On a typical late night, Shadows-on-the-Teche in New Iberia doesn't see much action. But around 9 p.m. on a Saturday in mid-November, about 12 people are taking a quick tour.
With cameras in hand, they snap shots of the gardens and dimly lit rooms -- hoping to catch something out of the ordinary. The air is cool and wet, and the grounds are awfully quiet.
On the second floor terrace, group leader Jennifer Broussard of Lafayette leads the way up a rickety and narrow flight of stairs to the third-floor attic.
The open stairwell is lit by one bright light bulb, surrounded by a chaotic swarm of mosquitoes and other night bugs drawn to its glow. Broussard stops, somewhat apprehensive.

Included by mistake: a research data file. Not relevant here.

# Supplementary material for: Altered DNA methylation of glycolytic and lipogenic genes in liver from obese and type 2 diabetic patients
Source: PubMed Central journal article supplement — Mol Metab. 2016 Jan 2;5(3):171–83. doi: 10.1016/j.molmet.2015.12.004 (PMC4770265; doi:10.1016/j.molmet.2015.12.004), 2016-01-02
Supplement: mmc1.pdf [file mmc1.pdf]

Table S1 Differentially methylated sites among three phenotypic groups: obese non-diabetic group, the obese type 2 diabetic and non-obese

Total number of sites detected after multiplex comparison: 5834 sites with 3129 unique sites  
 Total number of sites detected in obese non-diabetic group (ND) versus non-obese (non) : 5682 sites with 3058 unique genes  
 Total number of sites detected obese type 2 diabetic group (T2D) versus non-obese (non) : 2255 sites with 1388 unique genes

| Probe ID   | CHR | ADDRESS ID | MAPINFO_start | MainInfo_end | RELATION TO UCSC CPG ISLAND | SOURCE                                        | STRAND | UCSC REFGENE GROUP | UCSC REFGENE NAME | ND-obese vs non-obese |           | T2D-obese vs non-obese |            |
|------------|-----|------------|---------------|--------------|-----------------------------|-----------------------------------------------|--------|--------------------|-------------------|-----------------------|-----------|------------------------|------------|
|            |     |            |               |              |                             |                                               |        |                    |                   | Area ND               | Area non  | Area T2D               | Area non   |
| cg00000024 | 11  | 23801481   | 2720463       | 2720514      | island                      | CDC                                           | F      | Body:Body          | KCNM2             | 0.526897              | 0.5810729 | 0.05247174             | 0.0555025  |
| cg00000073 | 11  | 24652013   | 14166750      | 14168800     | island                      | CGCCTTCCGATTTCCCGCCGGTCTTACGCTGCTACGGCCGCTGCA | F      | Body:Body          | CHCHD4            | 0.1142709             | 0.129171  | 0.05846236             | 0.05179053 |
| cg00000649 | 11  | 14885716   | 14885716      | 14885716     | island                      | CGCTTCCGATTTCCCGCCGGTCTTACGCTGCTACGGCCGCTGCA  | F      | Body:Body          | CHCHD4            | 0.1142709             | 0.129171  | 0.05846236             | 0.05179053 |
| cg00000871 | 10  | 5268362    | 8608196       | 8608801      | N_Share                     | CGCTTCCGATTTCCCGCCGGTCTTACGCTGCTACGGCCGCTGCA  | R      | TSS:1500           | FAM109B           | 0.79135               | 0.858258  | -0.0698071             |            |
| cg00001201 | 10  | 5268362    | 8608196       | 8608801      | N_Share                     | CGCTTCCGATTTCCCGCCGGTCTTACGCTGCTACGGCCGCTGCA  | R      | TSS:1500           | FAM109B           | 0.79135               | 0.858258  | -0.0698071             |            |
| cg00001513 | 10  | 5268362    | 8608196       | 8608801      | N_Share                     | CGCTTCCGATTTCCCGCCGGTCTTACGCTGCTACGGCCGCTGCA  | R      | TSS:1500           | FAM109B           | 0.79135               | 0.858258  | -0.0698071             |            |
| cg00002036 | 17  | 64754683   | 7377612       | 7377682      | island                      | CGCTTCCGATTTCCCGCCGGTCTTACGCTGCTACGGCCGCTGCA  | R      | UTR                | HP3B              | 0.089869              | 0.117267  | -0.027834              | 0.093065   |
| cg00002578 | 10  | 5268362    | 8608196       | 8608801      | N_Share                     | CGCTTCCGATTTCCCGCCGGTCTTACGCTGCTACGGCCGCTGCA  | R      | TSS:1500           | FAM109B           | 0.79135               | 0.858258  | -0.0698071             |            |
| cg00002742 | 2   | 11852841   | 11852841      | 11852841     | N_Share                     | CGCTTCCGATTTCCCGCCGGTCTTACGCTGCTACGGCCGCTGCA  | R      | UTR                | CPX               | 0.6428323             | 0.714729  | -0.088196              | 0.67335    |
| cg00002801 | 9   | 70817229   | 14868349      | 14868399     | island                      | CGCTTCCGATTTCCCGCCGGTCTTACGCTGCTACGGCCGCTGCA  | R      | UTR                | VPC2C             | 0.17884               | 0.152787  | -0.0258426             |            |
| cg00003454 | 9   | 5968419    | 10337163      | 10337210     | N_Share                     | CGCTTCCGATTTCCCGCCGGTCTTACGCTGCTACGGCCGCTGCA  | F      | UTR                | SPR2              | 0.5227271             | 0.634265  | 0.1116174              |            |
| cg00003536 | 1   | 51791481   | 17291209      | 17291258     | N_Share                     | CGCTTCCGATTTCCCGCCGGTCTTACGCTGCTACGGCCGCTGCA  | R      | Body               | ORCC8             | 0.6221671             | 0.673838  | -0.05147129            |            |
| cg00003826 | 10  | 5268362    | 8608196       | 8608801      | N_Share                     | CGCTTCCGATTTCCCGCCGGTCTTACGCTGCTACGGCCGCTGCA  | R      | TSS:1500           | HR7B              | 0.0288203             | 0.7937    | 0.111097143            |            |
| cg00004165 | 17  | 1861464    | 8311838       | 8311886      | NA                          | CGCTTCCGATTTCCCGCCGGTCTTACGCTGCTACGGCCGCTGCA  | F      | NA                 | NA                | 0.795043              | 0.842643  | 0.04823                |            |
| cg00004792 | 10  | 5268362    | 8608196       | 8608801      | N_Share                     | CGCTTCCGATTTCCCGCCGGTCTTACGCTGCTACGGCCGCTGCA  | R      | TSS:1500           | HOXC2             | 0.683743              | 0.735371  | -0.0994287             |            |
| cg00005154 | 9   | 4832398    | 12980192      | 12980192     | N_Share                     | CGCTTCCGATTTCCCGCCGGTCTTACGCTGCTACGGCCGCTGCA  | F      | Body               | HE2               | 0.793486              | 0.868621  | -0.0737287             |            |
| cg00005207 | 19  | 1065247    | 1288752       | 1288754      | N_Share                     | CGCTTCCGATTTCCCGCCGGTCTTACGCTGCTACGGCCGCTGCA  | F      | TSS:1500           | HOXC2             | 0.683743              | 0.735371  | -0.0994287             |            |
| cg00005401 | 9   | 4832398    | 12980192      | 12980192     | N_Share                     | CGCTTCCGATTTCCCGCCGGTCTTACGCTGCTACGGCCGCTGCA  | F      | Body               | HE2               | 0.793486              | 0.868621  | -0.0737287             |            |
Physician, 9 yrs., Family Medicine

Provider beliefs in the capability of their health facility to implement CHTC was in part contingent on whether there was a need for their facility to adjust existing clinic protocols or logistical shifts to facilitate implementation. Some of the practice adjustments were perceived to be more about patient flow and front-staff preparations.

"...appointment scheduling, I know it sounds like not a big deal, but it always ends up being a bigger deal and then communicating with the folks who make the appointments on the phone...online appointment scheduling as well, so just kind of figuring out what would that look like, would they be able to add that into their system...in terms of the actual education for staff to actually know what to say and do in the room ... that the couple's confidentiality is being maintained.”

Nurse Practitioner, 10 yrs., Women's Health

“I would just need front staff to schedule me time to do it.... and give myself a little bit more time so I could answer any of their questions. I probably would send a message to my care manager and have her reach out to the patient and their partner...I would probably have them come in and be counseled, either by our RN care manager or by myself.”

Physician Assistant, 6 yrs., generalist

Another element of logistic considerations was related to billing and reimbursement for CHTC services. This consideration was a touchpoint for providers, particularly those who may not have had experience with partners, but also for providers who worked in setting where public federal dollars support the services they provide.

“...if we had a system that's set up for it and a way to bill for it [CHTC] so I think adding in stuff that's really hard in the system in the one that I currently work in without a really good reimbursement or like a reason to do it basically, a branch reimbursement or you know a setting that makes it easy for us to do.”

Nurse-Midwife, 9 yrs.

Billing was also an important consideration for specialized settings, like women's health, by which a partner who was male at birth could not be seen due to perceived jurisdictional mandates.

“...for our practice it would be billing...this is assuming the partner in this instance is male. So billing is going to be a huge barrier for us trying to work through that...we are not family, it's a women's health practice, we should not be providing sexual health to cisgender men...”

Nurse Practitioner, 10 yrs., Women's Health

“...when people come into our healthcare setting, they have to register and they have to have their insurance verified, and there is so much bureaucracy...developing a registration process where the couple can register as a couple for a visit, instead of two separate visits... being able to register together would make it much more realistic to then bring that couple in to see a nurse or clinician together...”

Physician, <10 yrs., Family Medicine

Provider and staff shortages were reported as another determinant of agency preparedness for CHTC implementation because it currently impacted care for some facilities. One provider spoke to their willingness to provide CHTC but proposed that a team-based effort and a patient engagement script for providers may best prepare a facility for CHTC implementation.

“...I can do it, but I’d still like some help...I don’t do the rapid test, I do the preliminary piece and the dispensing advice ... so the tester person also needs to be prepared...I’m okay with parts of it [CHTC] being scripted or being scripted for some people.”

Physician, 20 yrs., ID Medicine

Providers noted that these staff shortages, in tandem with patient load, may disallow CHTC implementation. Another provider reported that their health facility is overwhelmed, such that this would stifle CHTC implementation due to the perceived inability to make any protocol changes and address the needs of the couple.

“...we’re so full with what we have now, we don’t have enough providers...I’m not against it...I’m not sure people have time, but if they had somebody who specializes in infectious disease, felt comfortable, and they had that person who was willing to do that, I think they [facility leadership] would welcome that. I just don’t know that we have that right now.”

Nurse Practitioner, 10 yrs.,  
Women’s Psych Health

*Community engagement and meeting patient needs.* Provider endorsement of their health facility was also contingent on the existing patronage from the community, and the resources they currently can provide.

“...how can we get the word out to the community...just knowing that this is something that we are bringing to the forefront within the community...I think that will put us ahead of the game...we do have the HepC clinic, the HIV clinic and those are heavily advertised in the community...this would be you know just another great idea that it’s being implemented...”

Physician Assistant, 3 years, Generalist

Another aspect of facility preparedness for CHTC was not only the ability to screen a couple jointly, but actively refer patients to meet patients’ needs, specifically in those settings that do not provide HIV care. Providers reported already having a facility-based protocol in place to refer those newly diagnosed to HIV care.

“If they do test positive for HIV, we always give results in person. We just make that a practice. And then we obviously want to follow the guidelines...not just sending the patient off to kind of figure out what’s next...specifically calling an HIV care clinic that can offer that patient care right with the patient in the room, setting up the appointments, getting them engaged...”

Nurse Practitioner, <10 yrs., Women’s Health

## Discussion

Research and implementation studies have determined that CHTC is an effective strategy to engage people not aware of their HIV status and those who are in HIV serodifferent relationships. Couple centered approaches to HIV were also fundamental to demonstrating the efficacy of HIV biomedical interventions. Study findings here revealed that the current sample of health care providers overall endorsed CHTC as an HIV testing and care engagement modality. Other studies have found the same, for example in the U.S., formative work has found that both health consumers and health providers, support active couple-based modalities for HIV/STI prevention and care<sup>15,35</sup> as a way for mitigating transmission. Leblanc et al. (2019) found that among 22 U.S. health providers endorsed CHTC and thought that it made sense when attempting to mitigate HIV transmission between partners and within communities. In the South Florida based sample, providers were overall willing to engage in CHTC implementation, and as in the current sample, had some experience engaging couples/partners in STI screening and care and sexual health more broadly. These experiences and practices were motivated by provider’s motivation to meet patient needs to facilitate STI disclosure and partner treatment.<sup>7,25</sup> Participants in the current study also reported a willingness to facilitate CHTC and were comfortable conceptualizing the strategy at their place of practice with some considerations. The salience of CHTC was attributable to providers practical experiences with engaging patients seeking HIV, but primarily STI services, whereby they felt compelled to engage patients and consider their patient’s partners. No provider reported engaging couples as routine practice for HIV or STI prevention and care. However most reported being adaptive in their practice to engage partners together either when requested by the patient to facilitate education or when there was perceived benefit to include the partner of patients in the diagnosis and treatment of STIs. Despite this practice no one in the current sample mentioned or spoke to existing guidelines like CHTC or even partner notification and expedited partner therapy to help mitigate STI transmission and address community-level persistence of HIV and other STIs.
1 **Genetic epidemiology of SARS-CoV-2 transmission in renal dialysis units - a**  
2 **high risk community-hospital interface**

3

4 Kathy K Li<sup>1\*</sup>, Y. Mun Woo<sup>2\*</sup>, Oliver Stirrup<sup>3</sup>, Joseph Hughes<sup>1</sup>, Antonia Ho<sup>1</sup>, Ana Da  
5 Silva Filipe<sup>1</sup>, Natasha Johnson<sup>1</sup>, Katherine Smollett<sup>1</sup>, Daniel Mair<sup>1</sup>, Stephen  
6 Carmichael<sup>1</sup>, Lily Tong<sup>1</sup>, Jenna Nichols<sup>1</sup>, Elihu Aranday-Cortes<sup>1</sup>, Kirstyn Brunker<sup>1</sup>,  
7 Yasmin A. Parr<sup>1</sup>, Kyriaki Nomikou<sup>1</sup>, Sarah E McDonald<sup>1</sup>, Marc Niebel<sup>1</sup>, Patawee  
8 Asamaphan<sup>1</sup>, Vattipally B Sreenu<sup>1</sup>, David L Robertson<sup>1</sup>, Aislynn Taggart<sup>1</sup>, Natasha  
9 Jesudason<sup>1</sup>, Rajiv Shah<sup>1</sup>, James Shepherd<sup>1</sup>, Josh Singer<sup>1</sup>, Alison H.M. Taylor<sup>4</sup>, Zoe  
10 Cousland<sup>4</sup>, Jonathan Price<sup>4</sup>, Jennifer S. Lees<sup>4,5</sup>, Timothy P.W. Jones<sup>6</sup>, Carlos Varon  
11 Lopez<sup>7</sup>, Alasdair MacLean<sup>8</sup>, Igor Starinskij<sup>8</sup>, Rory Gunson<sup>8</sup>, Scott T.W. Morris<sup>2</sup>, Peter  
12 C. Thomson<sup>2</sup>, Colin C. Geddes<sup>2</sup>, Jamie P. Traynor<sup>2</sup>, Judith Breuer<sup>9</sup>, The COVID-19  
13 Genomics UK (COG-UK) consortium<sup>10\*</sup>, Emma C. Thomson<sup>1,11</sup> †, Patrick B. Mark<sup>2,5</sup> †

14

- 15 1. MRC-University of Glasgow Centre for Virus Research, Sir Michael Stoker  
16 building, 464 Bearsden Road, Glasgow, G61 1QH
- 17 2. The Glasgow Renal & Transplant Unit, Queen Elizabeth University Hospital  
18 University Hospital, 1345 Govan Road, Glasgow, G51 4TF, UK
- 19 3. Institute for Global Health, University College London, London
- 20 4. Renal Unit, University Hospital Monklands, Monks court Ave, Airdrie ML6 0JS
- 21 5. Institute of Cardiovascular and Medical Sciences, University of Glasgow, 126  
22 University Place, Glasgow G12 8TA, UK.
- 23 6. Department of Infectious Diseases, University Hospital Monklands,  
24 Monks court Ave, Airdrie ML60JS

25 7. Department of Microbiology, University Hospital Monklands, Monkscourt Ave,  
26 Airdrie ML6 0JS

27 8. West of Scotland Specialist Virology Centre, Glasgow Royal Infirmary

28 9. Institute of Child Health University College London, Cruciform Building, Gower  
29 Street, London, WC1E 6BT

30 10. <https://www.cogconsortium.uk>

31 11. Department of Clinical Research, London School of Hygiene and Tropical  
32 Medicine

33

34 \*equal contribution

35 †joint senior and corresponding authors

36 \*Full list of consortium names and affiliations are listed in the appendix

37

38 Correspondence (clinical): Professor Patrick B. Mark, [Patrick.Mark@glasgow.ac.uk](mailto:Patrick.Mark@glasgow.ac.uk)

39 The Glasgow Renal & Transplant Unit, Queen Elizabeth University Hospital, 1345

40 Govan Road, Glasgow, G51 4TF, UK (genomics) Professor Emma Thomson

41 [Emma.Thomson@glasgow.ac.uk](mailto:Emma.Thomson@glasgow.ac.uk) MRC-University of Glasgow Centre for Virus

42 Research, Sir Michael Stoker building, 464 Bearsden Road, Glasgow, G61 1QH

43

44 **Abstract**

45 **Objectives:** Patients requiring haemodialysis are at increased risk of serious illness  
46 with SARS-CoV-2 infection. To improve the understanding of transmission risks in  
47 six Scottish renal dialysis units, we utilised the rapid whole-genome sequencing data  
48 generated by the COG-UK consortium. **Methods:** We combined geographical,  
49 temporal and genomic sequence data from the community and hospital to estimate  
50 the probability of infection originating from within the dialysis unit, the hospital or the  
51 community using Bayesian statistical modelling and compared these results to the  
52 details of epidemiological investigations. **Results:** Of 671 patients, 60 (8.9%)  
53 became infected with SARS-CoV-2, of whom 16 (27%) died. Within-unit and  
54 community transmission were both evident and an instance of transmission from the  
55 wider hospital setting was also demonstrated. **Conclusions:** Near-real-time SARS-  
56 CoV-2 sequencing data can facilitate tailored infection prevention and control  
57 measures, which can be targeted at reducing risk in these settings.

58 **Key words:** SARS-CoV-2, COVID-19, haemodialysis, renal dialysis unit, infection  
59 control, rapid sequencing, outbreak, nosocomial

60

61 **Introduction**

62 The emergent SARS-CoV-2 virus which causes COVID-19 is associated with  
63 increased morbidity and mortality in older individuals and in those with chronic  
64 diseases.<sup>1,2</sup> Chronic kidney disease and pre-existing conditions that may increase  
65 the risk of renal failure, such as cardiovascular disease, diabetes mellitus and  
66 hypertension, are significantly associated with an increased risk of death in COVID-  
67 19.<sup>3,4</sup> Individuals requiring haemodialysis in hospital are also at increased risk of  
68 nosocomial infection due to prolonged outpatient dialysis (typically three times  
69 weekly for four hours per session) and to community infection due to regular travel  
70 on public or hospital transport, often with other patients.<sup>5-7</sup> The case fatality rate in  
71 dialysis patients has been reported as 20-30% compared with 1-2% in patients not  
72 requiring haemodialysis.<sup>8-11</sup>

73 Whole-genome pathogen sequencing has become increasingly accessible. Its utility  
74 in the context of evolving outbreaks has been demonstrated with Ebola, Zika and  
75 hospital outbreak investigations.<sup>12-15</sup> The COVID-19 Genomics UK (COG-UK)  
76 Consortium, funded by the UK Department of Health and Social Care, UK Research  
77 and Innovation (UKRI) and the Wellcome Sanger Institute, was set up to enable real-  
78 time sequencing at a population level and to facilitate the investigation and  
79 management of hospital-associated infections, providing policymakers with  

"I don't do bugs," she says to the group behind her. "I do ghosts, but I don't do bugs."
This Saturday night, then, is for ghost hunting.
The group is Louisiana Spirits, a team of professional and analytical investigators who've been visiting the most haunted -- or supposedly haunted -- locations in and around the state for years.
They've got chapters in each corner of Louisiana and volunteer their time on the weekends to investigate hauntings at no cost to homeowners, with some of the most high-tech equipment available. Director Brad Duplechien points out the team seeks more to disprove hauntings than to prove that ghosts exist at a location. In fact, he's only declared two sights haunted so far that the team's visited: Oak Alley Plantation and a private residence in DeRidder.